Lazada Philippines

Top 5 must-sees in Lopez Museum’s Trajectories

Do you know where you can find a book that’s almost as old as the Philippines?
Probably the oldest tome you’ll ever see in our 7,107 islands is nearly 500 years old, and it is on display at the Lopez Memorial Museum as part of the ongoing exhibit, Trajectories.

The museum, since its founding in 1960, has grown from an initial collection of 19th century Lunas and Hidalgos to include important modern and contemporary pieces. What started as the personal collection of Eugenio H. Lopez Sr., has evolved into a trusted and well-loved Philippine institution.

The current exhibition explores the way the museum collection grew throughout the years. Here are five Trajectories must-sees:

1. The aforementioned De Moluccis Insulis, the oldest book in the collection
This 490-year old book chronicles Magellan’s expedition to circumnavigate the globe in 1519. The book was written by Maximilianus Transylvanus after he interviewed the survivors of Victoria, the only surviving galleon from Magellan’s expedition.

2. Studies of Felix Resurreccion Hidalgo’s Per Pacem et Libertatem from the St. Louis Exposition of 1904
In 1903, Hidalgo was paid PhP10,000 by the United States colonial government in the Philippines to create a painting representing peace and liberty under American rule. It was featured in the Universal Exposition in St. Louis, Missouri, in 1904. Interestingly, the fair also featured live indigenous Filipino people, such as the Aetas and Bagobos, as bahag-wearing and dog-eating primitive people.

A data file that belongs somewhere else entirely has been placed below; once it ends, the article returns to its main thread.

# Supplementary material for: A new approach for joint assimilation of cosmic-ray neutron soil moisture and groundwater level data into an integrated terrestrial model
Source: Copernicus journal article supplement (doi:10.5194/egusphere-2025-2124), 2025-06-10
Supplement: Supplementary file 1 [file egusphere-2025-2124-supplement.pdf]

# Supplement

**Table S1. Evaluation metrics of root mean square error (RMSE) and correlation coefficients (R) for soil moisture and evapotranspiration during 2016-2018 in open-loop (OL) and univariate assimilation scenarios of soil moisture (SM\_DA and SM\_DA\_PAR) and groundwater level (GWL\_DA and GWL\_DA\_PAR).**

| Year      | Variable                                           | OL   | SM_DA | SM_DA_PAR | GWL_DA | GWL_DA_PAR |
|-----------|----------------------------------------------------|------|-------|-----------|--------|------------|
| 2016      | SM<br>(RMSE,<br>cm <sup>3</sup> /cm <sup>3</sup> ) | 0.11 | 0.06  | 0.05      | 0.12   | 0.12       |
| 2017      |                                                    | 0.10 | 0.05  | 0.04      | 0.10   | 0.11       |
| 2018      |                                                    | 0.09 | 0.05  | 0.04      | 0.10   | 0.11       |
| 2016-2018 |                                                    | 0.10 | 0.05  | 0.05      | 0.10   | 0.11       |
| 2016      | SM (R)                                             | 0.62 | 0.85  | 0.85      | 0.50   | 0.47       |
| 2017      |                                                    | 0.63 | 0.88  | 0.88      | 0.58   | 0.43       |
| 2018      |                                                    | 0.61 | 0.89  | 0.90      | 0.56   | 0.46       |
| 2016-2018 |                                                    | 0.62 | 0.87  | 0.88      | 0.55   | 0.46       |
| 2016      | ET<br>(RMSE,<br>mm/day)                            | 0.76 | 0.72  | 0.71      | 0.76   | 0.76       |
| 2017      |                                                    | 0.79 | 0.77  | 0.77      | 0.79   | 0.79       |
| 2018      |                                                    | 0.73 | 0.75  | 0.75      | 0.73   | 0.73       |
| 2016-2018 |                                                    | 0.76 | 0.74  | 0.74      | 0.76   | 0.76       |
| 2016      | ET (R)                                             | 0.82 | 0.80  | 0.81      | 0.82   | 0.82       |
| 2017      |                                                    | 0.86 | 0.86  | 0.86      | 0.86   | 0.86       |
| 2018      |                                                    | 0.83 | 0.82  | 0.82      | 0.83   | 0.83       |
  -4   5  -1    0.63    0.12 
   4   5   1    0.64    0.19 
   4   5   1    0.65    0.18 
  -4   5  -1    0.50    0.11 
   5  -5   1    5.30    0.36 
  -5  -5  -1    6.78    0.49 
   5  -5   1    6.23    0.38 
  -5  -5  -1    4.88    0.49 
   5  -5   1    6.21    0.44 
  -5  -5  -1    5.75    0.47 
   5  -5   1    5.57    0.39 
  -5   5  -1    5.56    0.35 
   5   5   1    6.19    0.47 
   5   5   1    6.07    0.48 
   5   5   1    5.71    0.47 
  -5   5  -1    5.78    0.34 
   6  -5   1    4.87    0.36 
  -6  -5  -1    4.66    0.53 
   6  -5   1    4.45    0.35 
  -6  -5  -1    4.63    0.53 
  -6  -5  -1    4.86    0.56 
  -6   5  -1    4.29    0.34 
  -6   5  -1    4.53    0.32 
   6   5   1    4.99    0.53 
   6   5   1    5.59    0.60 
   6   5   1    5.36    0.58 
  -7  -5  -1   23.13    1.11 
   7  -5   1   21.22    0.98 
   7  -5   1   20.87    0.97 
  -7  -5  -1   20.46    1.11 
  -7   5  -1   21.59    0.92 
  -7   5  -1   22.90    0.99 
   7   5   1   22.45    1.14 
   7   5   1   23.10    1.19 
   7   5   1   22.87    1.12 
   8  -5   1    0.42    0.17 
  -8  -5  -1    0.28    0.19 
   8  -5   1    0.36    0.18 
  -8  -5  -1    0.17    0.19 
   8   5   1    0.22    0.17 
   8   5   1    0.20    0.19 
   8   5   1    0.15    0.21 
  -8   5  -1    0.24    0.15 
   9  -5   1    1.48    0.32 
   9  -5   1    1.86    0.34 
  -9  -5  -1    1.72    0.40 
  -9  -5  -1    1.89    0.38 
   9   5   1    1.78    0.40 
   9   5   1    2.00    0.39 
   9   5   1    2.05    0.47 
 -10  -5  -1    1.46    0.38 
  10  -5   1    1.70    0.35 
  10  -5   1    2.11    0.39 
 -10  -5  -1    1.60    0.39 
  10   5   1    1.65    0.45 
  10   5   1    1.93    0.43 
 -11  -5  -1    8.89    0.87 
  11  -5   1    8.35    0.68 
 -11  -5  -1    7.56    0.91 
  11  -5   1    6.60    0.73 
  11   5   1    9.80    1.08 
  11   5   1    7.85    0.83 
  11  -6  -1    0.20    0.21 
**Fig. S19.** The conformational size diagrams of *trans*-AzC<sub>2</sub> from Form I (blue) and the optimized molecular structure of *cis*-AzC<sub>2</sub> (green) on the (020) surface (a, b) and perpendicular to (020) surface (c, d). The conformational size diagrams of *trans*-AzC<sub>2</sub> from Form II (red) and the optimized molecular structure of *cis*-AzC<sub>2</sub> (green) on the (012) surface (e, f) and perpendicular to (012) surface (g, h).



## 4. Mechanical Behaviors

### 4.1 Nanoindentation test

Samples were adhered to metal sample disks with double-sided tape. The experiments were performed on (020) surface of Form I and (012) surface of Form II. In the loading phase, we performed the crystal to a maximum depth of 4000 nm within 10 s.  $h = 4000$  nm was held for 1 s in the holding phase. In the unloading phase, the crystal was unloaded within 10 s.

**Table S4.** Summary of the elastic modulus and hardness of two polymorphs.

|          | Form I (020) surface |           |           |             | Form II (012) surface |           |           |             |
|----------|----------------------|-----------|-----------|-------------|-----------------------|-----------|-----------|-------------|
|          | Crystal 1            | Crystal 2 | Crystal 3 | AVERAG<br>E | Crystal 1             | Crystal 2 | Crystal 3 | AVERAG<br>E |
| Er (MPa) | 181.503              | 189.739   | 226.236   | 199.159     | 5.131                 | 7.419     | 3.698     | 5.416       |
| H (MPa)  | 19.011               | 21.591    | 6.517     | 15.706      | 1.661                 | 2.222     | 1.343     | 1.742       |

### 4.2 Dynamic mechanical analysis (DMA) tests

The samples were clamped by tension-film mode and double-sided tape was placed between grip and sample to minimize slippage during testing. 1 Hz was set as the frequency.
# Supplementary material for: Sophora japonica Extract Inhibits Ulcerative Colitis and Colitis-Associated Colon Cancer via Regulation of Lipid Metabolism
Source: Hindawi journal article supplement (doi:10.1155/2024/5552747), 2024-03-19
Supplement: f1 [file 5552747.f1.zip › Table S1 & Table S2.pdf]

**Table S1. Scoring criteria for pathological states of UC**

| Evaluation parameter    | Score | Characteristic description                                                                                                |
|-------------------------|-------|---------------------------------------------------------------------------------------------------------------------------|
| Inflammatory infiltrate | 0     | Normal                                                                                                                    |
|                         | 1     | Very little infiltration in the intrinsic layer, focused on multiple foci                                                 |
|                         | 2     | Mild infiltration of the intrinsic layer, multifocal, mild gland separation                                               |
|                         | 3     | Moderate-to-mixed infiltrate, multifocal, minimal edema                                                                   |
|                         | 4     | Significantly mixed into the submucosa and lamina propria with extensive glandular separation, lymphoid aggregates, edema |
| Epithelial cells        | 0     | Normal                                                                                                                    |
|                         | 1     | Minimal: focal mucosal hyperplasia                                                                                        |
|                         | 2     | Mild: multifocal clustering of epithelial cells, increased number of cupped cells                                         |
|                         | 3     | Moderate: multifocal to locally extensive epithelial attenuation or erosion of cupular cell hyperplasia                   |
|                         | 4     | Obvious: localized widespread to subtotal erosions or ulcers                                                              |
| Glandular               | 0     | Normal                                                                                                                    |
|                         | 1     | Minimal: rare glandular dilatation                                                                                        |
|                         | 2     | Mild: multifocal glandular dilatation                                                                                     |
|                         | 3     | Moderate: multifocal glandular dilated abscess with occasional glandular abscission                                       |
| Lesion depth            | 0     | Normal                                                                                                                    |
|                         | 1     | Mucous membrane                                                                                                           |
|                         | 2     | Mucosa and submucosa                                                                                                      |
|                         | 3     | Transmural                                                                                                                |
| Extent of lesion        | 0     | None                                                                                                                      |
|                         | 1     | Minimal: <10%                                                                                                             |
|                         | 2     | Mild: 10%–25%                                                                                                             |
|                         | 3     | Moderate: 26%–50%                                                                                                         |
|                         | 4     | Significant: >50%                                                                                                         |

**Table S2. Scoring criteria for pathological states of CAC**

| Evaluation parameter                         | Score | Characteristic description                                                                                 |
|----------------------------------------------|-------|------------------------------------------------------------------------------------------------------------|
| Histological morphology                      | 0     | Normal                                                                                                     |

3. España y Filipinas (1886) by Juan Luna
This tall painting is one of the most important pieces in the museum’s collection. A version of an allegorical painting of Spain and the Philippines, this was commissioned from Luna by the Foreign Ministry in Madrid after seeing an earlier version of the subject, given by Luna to his friend, Pedro Paterno. Later, in 1888, the painting was entered in the Exposicion Universal de Barcelona, and was declared hors concours.

4. The first complete map of the Philippines
The Murillo Velarde map is the first map of our country that was made by a Filipino, Nicolas Cruz Bagay, and printed in the Philippines. First published in 1734, the map shows completeness in the names of coastal towns and interior topography. It was the most
accurate and largest ever drawn map of the archipelago and became a model copied by other cartographers for the remainder of the eighteenth century.

5. In the Market Place (1955) by Anita Magsaysay-Ho
This painting was acquired by the museum in the 1999 Christie’s auction in Singapore. The purchase paved the way for Filipino artists to gain higher international recognition.
Trajectories is open to the public until December 20, 2013.

The Lopez Memorial Museum is at the ground floor, Benpres Building, Exchange Road corner Meralco Avenue, Pasig City. Museum days and hours are Mondays to Saturdays, except holidays, 8am-5pm. For inquiries, call Tina Modrigo at6312417 or send an email to

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